I was reading through chapter 16 of Lang's Algebraic Number Theory book. The chapter is fully devoted to proving the Brauer-Siegel theorem: Let ${(k_n/ \mathbb{Q})}_n$ be a sequence of galois extensions over $\mathbb{Q}$ of degree $N_n$, such that $\frac{N_n}{log(d_n)} \to 0$ then $log(h_n R_n) \sim \frac{1}{2}log(d_n)$, where $d_n, h_n, R_n$ are the absolute value of the disciminant, class number and regulator of $k_n$ respectively. The following is one of the main theorems in the chapter.

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As said in the proof, the theorem easily follows if RH (or rather GRH) is assumed from a previous lemma which is as follows,

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As given in the lemma it is only required to assume that the Dedekind zeta function $\zeta_k(s_0) \leq 0$. He treats case 2, separately going through several other lemmas.

Now in case 2 picking $s_0 \in (1 - \frac{\epsilon}{N}, 1)$ a zero of $\zeta_k(s)$ we would still have that $\zeta_k(s_0) \leq 0$ and the result immediately follows from the lemma as in case 1. So why do we have to treat it separately?


Going through the separate treatment of case 2 shown below, I understand that using the fact that $\zeta_{k_0}(s_0) = 0$, the theorem is proven for other number fields that may have the same pathological behaviour. Let me know if this line of thought is correct. Well, then Theorem 1 should have been "... for all fields normal over $\mathbb{Q}$ except for one possible exception..." since the theorem is left unproven for $k_0$.

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Edit: Here $\kappa(k) = \frac{2^{r_1}{(2\pi)}^{r_2}h_k R_k}{\omega {d_k}^{\frac{1}{2}}}$ is the residue of $\zeta_k(s)$ at $s = 1$.

  • 1
    $\begingroup$ (Because the constant in the inequality, which is supposed to hold for all $k$, will depend on $k_0$! In other words either none of them vanish in the interval, in which case you’re good, or one of them does, in which case you get an inequality that works for every single one of the fields just in terms of that one zero.) $\endgroup$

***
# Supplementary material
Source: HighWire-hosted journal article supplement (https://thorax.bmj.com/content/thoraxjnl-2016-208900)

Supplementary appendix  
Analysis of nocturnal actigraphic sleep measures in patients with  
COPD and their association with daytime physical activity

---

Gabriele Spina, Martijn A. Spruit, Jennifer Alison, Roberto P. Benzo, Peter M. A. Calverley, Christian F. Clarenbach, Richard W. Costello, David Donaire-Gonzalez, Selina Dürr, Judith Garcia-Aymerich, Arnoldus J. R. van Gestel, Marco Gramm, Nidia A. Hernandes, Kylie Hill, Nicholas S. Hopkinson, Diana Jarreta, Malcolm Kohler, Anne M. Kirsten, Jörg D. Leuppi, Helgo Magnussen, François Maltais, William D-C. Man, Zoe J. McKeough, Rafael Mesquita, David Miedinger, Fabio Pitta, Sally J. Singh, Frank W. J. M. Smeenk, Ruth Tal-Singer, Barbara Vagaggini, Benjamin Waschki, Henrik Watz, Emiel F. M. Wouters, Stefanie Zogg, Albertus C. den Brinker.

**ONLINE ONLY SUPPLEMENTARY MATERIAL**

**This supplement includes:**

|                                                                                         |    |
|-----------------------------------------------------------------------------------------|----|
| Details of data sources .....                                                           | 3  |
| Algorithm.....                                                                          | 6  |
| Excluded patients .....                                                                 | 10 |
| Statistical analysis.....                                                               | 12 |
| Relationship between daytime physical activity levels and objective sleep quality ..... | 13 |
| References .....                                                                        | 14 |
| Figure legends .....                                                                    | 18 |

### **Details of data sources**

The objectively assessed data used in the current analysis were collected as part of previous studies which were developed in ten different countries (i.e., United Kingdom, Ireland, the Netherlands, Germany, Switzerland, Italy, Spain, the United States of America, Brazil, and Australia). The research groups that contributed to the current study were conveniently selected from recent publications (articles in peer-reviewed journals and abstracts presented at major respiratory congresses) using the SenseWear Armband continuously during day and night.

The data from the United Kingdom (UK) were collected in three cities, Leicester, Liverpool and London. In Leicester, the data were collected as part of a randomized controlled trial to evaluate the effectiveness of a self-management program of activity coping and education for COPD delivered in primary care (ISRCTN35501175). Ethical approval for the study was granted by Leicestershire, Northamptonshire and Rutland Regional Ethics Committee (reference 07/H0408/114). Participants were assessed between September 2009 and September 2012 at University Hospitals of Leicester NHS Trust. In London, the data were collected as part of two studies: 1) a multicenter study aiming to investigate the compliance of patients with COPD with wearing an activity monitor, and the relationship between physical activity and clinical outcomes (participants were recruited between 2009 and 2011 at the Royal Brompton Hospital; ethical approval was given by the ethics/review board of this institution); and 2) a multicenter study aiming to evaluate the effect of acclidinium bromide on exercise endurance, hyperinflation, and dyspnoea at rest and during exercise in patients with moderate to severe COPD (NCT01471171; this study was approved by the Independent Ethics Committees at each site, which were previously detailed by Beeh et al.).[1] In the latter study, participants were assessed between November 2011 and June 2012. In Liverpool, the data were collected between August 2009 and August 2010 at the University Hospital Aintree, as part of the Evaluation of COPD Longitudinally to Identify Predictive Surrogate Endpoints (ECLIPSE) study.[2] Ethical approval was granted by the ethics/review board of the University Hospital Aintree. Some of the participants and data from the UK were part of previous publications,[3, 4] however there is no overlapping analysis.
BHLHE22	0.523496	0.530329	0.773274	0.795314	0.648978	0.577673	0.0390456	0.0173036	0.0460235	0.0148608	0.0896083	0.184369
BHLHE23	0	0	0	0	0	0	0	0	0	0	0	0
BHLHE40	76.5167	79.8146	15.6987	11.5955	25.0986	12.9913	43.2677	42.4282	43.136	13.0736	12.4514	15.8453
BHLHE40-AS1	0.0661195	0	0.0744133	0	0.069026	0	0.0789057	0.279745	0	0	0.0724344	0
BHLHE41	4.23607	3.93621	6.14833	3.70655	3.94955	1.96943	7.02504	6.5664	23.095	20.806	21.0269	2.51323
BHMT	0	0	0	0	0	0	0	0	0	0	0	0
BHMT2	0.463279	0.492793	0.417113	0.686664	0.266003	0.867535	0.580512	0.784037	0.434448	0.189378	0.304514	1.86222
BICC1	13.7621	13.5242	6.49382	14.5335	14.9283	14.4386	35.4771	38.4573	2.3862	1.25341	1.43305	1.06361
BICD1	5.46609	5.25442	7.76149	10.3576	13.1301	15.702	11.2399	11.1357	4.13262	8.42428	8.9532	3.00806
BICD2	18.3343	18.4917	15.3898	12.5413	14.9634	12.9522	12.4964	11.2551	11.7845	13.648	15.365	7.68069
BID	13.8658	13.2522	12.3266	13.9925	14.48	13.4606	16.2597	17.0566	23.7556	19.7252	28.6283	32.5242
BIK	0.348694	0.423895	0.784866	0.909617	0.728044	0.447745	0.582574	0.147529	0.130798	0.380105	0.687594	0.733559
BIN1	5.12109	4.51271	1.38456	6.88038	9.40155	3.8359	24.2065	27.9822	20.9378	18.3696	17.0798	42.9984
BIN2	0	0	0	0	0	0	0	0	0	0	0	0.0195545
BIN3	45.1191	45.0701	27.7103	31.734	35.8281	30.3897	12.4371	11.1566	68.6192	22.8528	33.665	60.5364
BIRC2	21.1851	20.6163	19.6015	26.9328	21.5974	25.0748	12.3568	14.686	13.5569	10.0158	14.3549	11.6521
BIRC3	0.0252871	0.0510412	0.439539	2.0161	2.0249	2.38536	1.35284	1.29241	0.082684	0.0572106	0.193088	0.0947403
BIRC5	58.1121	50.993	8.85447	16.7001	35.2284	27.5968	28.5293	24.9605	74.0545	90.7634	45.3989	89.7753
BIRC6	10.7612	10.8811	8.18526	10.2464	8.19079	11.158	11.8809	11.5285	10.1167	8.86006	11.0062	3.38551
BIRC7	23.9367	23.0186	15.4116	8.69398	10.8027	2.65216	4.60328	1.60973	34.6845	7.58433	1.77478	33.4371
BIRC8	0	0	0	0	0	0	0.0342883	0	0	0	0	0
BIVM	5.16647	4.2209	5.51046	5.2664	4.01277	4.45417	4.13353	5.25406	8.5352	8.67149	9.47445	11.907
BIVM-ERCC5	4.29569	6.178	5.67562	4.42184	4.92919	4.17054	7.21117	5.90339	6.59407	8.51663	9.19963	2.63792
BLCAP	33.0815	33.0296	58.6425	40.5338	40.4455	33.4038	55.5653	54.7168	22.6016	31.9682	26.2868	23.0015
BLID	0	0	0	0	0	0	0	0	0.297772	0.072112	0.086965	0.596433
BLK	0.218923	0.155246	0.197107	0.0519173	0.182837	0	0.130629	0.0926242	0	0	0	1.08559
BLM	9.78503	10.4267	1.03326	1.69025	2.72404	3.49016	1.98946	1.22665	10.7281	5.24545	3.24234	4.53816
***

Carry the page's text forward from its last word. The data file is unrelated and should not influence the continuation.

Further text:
– alpoge
    Feb 9, 2021 at 22:54
  • $\begingroup$ @apolge Thanks for the explanation. But why cannot we just forget about this pathological $k_0$ and work with the rest? $\endgroup$
    – Melanka
    Feb 10, 2021 at 13:51
  • $\begingroup$ I will also edit the post to include the resolution of case 2, in which I have some other clarifications. $\endgroup$
    – Melanka
    Feb 10, 2021 at 13:56
  • $\begingroup$ What is $\kappa(k)$, the distance between $1$ and the nearest zero of $\zeta_K(s)$, or something like that? $\endgroup$
    – reuns
    Feb 10, 2021 at 14:29
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    $\begingroup$ "Well, then Theorem 1 should have been '... for all fields normal over $\mathbb{Q}$ except for one possible exception...'" This is only necessary if you want $c_4(\epsilon)$ to be effective. If one does not care about that (Brauer-Siegel doesn't), then you can allow $c_4(\epsilon)$ to depend ineffectively on $k_0$. This is meaningful in many contexts, but not all. You can't simply "forget about this pathological $k_0$ and work with the rest" unless you are ok with the uncertainty of "am I working with $k_0$?" If $c_4(\epsilon)$ is ineffective, then it doesn't matter if $k=k_0$ or not. $\endgroup$
    – 2734364041
    Feb 10, 2021 at 20:46


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